Part film noir, part ripped from the headlines semi-documentary, He Walked by Night influenced countless movies and television shows and was directly responsible for the long-running television series Dragnet. It fictionalizes the true story of Erwin “Machine Gun” Walker who committed a series of burglaries in Los Angeles during the early 1940s which resulted in at least a couple of shootouts with the police, killing one. Made just two years after Walker’s arrest, the events of the film (even fictionalized) would have been fresh on the minds of the audience.Buy He Walked by Night Blu-ray
For all of that, I have to admit that it’s not that great of a film. There is some fantastic cinematography by the famed John Alton and a memorable finale in the city’s underground drainage tunnels that’s more than a little reminiscent of The Third Man (which was made a full year later), but that semi-documentary style feels very dated and old hat. That isn’t the fault of the film as it was still a relatively new cinematic concept, though it was a popular one at the time. Films like Brute Force and The Naked City used that same documentary style to tell their stories. Law & Order has used a similar style and ripped many a story from the headlines for decades.
The film begins with some stock footage of Los Angeles while a typical-sounding narrator (Reed Hadley) gives us the lowdown on how hard the police force works and how efficient they usually are. But the case he’s going to tell us about was one of the most difficult they ever came across.
In the film, Erwin Walker becomes Roy Martin (Richard Baseheart). We’re introduced to him trying to break into some building. When he spies a car driving nearby, he walks away nonchalantly. The driver, Rawlins (John McGuire), is an off-duty police officer. Curious as to what this man is doing on this deserted stretch of road where all the businesses are shut down for the night, he turns his car around and starts asking Martin questions. Martin doesn’t like questions and shoots the officer for his trouble, then runs away into the night. Rawlins lives long enough to give a description of his shooter to his fellow policemen.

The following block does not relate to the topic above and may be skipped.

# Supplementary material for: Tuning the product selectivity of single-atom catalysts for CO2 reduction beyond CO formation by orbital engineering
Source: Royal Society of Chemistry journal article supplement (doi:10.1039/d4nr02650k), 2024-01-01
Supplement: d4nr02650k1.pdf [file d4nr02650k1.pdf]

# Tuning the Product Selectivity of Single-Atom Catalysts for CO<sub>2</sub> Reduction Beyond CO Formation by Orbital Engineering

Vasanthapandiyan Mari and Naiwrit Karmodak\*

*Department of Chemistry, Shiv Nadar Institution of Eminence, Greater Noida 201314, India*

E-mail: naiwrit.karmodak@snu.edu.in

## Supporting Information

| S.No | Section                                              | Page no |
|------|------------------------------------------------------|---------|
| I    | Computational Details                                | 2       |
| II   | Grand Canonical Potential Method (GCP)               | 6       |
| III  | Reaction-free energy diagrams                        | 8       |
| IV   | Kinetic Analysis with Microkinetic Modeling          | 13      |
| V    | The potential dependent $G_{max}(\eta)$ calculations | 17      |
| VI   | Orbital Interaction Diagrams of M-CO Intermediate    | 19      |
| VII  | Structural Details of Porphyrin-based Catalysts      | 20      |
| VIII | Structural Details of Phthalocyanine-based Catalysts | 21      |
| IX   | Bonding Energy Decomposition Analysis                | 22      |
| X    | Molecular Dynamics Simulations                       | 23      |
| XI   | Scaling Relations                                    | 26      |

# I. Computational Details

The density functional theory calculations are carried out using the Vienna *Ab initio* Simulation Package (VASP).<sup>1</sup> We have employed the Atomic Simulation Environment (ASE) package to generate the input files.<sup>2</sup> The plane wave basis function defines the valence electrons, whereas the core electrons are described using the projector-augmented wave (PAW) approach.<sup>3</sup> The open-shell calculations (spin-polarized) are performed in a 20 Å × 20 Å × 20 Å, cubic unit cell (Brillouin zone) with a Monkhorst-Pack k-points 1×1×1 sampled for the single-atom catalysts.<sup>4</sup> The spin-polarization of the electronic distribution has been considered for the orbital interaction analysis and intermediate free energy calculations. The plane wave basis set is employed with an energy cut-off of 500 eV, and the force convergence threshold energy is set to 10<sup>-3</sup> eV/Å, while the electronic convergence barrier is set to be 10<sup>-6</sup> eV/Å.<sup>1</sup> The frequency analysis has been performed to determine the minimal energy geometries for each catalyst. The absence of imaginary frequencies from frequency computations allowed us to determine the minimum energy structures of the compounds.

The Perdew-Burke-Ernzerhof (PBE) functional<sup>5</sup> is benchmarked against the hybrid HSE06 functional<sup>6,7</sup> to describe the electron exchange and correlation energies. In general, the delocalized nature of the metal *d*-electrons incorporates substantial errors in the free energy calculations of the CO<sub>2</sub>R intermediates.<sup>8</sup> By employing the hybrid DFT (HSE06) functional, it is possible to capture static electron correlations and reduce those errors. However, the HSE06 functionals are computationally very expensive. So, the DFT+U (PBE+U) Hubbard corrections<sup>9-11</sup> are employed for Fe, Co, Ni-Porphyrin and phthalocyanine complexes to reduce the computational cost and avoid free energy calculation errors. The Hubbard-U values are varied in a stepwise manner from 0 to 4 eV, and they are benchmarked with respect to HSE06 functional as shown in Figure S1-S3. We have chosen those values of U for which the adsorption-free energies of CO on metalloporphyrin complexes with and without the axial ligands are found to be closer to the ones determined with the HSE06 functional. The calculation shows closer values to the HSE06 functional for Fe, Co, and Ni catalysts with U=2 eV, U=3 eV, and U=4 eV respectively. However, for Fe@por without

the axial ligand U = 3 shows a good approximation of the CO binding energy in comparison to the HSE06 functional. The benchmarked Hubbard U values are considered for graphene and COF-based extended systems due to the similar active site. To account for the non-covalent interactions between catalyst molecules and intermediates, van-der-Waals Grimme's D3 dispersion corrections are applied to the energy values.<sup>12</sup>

A massive manhunt ensues. The film follows the police and Martin along their separate paths. The police sections are very procedural-like following the detectives as they systematically try and find Martin. They start with a huge dragnet pulling in shady characters from all over the city. They use cutting-edge technology to investigate the physical evidence. They question everybody. In one of the film’s best scenes, they gather together several witnesses (after shooting the cop, Rawlins goes spree of robbing liquor stores and the like) and show them a series of slides containing various facial parts (they’ll show a bunch of different-looking eyes asking the witnesses which pair look like the killers, then noses, etc). This was cutting-edge technology at the time and it still comes out pretty cool.
For the scenes in which it follows Martin, the film takes a decidedly noir feel. There are shadows everywhere (John Alton really knows how to light a scene) and wonderful beams of light. He’s a loner, with a dog as his only friend. But he’s smart and has a working knowledge of how the police think and work. This allows him to evade them at every turn.
It all ends in a quite wonderful chase through the city sewers. No doubt Carol Reed paid close attention to it while making The Third Man. Alfred L. Werker gets the credit as director but apparently, Anthony Mann shot quite a bit of it as well. Imogen Sara Smith goes over who probably directed what scene in her wonderful audio commentary included on this disk.
With a run time of 79 minutes, it all feels like a really long (and rather good) episode of Dragnet. Jack Webb even has a small role as a scientist. That’s not a bad thing, Dragnet was a good series, but it does feel a little too familiar watching from a 2024 perspective.
Kino Lorber presents He Walked by Night with a brand new HD Master – From a 16-bit 4K Scan of the 35mm Fine Grain. Extras include a new audio commentary by film historian Imogen Sara Smith, and a separate one from author/film historian Alan K. Rode and writer/film historian Julie Kirgo. Plus a whole bunch of trailers from other Kino Lorber releases.